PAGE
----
Be ready to travel one day before or one day after your desired date. If this is not an option, you may need to purchase a ticket. Be prepared to depart out of a nearby city if you get stuck out of your preferred city. If you can’t get out of JFK or LaGuardia, consider going out of Newark if the airline has that as an option. Stuck in Paris? Try hopping the train to Amsterdam or checking for flights on sites such as ITA, Momondo, and other low-cost carrier sites.
Tuck away $300-500 in case you must purchase a secondary ticket to a second city out of which you can travel or you need to pay for extra nights in a hotel. I cannot urge this enough! If Sydney or South Africa is your destination of choice, $500 may not be enough, so be prepared to sleep in the airport.
Be prepared to be seated away from your flight companions. Even your 3-year-old child. If this is a problem, buy a ticket. And, don’t have an attitude if you’re separated by one seat or even 30 rows. Seating is space available. Don’t expect a revenue passenger, even if they may have paid less than you, to be moved to accommodate you. The gate agent, and sometimes flight attendants, will do their very best to put you next to any minor you may travel with, but it should not be expected and is not a guaranteed. Also, the carriers often frown upon asking another passenger to switch seats to accommodate you when you nonrev.
Do’s and Dont’s
- Do NOT EVER talk back to, argue with, or engage an employee in any sort of debate. I don’t care how much in the right you are, how badly you are treated or what they say! You can cost the employee who gave you the buddy pass their job if the employee reports you. People, in general, can be a hot mess and are not above lying. I once knew a coworker who was fired because her pastor cussed out a gate agent after being unable to get on a flight when the all the seats were taken.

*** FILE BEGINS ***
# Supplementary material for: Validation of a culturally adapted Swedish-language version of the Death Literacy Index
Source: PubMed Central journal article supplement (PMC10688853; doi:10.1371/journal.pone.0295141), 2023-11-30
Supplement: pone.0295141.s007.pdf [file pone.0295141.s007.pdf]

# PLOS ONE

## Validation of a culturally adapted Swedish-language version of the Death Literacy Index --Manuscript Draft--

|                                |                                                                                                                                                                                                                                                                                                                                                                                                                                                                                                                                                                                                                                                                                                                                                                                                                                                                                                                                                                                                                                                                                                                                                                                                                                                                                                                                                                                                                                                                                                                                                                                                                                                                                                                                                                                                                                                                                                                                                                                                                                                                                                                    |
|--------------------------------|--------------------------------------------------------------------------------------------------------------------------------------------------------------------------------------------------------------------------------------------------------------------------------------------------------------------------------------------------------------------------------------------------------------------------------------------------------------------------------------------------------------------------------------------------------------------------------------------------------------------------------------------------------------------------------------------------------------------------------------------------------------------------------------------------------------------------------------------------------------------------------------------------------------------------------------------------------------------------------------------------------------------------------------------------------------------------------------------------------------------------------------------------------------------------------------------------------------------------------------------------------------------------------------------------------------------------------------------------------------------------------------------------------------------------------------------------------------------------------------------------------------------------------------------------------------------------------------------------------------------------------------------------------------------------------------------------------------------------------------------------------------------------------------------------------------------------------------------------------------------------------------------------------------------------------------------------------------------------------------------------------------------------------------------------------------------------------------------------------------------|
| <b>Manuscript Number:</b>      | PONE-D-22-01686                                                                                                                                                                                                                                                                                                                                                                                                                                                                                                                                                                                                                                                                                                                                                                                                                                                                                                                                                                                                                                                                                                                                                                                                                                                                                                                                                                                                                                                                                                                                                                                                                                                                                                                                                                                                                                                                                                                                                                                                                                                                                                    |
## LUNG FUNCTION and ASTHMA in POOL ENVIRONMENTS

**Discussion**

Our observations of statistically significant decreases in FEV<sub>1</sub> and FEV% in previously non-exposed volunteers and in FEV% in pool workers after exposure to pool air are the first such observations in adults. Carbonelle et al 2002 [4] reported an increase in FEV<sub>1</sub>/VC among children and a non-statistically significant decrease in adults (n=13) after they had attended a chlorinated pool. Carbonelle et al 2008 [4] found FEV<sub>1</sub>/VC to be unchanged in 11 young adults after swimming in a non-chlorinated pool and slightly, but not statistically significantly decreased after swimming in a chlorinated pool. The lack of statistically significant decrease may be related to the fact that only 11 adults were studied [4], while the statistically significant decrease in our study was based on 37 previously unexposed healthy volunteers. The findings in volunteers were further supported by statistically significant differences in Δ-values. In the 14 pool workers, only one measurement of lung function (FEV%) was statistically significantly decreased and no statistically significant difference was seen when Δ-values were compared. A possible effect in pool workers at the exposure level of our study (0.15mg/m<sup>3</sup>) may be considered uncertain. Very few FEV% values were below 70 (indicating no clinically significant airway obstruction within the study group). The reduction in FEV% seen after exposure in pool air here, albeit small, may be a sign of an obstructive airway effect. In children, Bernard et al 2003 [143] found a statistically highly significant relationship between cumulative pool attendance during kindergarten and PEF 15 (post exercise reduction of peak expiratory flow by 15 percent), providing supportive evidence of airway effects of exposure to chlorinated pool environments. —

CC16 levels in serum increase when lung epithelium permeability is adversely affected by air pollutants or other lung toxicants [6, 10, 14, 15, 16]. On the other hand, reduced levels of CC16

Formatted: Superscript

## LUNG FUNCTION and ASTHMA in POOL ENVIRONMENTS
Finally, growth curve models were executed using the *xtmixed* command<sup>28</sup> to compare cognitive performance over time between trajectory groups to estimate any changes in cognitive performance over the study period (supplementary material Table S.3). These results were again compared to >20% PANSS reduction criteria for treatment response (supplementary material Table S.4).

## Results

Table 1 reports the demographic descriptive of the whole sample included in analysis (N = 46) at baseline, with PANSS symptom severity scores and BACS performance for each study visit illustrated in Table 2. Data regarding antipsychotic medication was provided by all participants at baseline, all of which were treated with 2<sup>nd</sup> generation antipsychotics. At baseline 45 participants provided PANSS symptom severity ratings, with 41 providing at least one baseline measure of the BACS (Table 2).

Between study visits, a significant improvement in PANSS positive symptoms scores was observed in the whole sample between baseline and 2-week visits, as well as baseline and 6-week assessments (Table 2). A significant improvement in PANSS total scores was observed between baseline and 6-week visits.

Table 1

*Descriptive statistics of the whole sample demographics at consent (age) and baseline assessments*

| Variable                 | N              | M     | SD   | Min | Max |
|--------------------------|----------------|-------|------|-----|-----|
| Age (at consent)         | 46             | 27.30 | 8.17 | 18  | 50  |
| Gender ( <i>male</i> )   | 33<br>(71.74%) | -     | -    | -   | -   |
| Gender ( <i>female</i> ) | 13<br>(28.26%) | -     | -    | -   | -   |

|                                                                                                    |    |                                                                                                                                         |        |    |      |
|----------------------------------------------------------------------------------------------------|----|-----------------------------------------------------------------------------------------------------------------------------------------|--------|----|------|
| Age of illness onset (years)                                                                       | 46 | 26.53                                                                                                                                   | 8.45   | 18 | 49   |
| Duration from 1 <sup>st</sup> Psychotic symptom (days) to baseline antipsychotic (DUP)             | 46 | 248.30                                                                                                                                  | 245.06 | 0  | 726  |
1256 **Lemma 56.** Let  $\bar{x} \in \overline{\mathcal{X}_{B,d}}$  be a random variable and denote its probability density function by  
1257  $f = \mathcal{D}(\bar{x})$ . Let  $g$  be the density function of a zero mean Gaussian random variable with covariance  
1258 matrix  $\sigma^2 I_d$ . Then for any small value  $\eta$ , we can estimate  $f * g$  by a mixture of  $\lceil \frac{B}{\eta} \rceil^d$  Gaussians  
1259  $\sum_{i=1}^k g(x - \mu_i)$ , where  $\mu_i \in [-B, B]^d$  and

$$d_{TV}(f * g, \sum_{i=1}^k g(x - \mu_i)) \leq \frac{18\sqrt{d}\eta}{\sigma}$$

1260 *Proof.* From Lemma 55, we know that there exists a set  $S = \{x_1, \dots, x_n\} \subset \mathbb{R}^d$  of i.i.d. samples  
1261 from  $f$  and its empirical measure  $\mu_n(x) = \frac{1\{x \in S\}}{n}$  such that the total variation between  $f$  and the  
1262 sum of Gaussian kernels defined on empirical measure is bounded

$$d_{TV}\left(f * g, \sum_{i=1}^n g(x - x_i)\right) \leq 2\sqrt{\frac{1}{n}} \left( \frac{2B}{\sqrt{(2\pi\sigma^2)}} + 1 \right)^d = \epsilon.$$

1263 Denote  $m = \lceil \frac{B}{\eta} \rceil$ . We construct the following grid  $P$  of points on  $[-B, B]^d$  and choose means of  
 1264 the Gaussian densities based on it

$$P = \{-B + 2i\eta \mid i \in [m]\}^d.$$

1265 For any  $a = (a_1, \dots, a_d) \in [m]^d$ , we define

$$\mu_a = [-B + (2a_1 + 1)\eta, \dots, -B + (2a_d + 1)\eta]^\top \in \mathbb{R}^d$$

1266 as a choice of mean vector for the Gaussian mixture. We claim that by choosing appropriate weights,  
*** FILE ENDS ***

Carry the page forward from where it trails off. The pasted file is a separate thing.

- Do NOT embarrass the employee by acting a fool
- Do NOT ask for special treatment aka anything
- Do NOT ask for first class. This awesome perk is not allowed by all airlines but, it’s been known to happen. Play the lottery if this happens.
- Do NOT ask if you’ll get on; always assume you won’t.
- Do NOT call Reservations for ANYTHING unless you have been directed by the employee to do so.
- Do NOT get drunk or make the flight attendants work more than they normally do. They will clown you and your actions could get the employee who gave you the buddy pass fired.
- Do NOT pay to use the pass. This is unequivocally against all airline policy. This will often get the employ fired, even if they didn’t know their pass was sold. I once knew an employee who gave a coworker a buddy pass for a friend. That coworker then sold the buddy pass to someone. Long story short, when discovered, they were both fired despite the fact that the employee thought they were helping a friend out and never knew their pass was being sold. They had worked at the airline for almost 30 years. SMH.
- Do not bug the employee about whether or not you’ll get on. Load factors change and even though a flight may historically be a non-rev special, anything can happen. One canceled flight on another airline can ruin your chances of getting on the flight that is “always open.”
- Do not get on the plane smelling as if you are allergic to deodorant or soap.
- Enjoy yourself. Remember, crap haps! Roll with the punches and you’ll have a great time!
Rhyse Woodward is World Traveler, Travel Industry Expert, IT professional, Photographer, and future Time Lord. Rhyse is usually chasing summer around the world but when she isn’t, she’s enjoying good food and better friends. Contact Rhyse at on IG (@RhyseRoams) & or on Facebook (Focused Roaming)